Enjoying life and thriving though is the third culture explored by Jarmusch, the African-Americans living in New York. Whilst the mobsters are shown to be racist and backwards-thinking, the Black community is shown to be creative, intelligent and inclusive. It’s an idyllic image perhaps, but a welcome one that suggests what the future should be in such culturally diverse areas. Ghost Dog’s samurai code reflects this too, despite being a centuries-old way of life. Whereas the Western warrior culture of the mobsters focuses on violence and murder, the Eastern warrior philosophy more broadly looks at how one should best live their life.
The film is not made up of dry philosophising though. As mentioned, there’s a lot of humour in the film, largely coming from the bumbling, out-of-touch behaviour of the mobsters. There’s also a lot of heart too. On top of Ghost Dog’s beloved pigeons, the assassin befriends a precocious young girl, Pearline (Camille Winbush) and enjoys spending time with his French-speaking buddy Raymond (Isaach De Bankolé), despite not understanding a word he says. These relationships, particularly that with Pearline, could potentially get cloying, but Jarmusch sensibly underplays them and adds touches of his signature literate humour.
Also keeping you engaged beyond the relatively simple and conventional narrative are the performances. Some wonderful character actors fill up the ranks (I particularly enjoyed the stony-faced Henry Silva as a mob boss) but it’s Forest Whitaker who most impresses here. Jarmusch always had him in mind for the film. He claims he wouldn’t have proceeded with the project if the actor had said no. Indeed, it’s hard to think of anyone else embodying this role so effectively. He effortlessly shifts from icy-cool, to warm-hearted, to zen-like calm.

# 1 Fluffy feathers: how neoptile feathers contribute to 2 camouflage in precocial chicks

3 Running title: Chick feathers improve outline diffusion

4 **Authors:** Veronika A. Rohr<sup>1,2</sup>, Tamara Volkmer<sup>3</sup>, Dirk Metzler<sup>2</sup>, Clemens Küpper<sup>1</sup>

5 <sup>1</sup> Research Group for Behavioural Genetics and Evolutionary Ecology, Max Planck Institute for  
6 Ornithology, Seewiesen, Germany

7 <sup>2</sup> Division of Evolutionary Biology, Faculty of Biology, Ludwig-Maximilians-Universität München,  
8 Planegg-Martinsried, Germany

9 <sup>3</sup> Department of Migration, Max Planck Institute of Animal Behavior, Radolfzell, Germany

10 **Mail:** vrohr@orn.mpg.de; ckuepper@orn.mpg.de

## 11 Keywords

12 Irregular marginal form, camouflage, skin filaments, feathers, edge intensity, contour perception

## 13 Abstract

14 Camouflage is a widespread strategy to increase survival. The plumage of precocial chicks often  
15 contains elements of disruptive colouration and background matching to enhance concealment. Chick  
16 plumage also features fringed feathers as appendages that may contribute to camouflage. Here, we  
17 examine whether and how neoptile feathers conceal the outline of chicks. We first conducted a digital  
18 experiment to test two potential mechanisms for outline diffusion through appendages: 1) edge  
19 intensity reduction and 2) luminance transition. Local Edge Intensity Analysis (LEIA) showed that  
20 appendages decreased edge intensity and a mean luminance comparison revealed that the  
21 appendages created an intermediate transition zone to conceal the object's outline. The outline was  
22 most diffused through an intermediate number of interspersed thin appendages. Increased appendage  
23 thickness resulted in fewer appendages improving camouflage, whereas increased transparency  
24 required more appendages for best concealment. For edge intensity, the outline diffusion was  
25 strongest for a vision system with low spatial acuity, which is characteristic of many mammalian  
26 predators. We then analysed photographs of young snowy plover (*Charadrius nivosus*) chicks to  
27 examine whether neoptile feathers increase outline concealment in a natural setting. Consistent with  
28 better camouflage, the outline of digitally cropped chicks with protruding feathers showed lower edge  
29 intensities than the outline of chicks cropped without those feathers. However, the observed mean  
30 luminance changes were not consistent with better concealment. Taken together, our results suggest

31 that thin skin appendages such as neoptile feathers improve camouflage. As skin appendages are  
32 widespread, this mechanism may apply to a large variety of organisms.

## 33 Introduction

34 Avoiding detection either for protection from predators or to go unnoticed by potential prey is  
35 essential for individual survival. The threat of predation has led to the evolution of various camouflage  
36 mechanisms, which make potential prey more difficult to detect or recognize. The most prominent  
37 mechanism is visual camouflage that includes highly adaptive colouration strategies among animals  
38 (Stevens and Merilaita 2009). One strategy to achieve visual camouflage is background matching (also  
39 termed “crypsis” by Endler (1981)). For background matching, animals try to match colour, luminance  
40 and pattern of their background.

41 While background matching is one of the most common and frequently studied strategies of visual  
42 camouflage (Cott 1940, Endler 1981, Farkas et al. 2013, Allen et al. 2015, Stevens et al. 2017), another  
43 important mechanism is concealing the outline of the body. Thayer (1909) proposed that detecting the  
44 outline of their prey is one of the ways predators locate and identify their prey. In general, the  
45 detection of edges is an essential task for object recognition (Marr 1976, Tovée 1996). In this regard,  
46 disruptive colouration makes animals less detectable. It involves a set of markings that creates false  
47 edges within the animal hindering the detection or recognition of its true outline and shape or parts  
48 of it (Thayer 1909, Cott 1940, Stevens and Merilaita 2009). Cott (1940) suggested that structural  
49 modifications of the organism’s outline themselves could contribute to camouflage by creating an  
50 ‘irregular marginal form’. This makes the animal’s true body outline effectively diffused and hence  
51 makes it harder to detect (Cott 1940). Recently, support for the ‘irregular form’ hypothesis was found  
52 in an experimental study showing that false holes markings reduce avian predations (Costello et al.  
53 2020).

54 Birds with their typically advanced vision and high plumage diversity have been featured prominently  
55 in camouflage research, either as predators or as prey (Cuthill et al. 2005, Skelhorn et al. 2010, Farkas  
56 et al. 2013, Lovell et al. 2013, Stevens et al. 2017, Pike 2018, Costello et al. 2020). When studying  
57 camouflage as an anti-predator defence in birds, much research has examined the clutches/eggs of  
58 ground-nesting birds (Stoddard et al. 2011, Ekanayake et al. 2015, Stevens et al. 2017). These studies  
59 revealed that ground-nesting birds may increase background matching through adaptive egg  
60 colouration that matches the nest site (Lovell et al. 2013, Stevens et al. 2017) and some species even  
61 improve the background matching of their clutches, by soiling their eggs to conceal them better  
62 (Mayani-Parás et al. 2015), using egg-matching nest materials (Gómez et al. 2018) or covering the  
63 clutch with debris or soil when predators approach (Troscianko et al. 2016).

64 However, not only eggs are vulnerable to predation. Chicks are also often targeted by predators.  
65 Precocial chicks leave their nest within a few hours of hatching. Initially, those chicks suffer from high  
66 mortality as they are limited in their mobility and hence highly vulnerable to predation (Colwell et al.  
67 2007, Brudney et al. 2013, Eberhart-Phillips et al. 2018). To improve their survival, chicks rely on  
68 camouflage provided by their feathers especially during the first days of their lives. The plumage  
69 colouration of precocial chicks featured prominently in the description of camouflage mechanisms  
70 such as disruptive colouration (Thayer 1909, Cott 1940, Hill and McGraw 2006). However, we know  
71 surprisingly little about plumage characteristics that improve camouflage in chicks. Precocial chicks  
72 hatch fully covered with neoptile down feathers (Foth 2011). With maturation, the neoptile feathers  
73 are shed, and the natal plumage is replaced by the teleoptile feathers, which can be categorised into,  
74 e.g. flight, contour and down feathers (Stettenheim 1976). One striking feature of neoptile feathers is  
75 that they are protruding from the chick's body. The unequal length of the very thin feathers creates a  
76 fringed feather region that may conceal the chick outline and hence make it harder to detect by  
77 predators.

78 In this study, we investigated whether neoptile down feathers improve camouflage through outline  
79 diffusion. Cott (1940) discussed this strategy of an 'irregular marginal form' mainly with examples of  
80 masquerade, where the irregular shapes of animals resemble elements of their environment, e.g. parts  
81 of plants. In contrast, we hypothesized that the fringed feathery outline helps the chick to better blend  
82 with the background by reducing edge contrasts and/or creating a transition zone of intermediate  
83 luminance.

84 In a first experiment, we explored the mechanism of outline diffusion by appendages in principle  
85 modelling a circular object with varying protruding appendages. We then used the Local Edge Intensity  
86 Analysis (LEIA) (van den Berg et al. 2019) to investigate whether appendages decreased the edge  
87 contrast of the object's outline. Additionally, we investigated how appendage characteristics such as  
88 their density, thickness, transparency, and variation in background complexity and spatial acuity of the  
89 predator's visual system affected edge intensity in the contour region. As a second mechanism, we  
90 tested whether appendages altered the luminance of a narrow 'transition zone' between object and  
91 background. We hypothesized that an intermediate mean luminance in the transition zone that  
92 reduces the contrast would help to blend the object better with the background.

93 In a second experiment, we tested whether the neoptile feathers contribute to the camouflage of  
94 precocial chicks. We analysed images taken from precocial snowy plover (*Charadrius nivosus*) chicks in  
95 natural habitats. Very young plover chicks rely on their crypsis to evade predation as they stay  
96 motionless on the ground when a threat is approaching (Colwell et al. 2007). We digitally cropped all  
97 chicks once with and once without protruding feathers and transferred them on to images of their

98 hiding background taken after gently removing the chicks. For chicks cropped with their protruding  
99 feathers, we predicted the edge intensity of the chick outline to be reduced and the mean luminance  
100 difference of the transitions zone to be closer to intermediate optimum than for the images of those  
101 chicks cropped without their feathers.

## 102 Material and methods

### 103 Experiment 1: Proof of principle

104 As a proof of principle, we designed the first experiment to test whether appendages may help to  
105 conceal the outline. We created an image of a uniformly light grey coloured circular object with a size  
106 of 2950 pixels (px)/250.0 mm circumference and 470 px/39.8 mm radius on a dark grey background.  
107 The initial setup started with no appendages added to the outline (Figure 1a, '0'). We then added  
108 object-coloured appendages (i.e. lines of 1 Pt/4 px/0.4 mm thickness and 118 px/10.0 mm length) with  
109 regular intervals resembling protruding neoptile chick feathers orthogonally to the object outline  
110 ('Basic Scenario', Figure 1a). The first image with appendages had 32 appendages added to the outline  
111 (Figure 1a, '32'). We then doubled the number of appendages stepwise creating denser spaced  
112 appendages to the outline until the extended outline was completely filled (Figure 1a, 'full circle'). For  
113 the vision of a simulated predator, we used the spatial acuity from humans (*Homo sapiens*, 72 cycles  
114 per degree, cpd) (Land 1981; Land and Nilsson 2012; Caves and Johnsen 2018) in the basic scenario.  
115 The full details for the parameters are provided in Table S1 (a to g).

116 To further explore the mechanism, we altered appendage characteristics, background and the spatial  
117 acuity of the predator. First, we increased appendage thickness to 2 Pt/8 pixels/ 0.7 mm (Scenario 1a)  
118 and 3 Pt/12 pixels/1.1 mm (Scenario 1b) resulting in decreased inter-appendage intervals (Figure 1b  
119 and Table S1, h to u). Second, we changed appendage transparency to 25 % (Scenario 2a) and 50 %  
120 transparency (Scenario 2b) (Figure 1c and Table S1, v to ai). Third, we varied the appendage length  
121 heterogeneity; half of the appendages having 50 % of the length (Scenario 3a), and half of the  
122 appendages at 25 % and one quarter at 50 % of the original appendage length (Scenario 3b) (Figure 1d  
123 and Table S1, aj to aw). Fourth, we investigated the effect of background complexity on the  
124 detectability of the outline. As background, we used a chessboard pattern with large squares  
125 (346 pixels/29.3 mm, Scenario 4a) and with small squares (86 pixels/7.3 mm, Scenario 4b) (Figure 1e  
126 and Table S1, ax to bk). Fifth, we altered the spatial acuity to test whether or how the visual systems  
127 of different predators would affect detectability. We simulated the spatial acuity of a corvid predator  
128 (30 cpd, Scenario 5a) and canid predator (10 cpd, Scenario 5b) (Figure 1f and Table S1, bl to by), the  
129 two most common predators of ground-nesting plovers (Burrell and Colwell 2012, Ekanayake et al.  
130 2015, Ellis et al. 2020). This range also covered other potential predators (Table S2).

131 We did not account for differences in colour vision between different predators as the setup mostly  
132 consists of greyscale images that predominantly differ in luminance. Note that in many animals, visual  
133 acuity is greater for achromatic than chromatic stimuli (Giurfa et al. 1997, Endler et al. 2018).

Overall, Ghost Dog is another charming, intelligent, free-wheeling gem from Jarmusch. It might not be for everyone but I found the humour, quirky characters and insistence on defying conventions a pleasure to behold.
Ghost Dog: The Way of the Samurai is out on 4K UHD, Steelbook, Blu-ray, DVD and digital on 23rd October in the UK, released by Studiocanal. I watched the Blu-ray version and it looks gorgeous, with perfect colour balance and pin-sharp details, particularly in the close-ups. The audio is spot-on too.
UHD, Blu-ray & DVD Extras:
– Ghost Dog – The Odyssey: A Journey into the Life of a Samurai
– Deleted Scenes
– Original Trailer
‘Ghost Dog – The Odyssey: A Journey into the Life of a Samurai’ is presented in a typical EPK fashion, but it remains a worthwhile watch. Jarmusch, Whittaker and the RZA discuss the philosophy embedded in the film, its excellent soundtrack and some other aspects of the production. It’s pretty good as EPK pieces go.
The deleted scenes are fun, with one seeing the gangsters discussing their dire financial situation with their accountant. There are also a few alternative cuts of other sequences, including the mobster rapping in the bathroom.
So, whilst Studiocanal’s new release of Ghost Dog is sadly light on extras, what is here is decent and the film and transfer are good enough to warrant a purchase.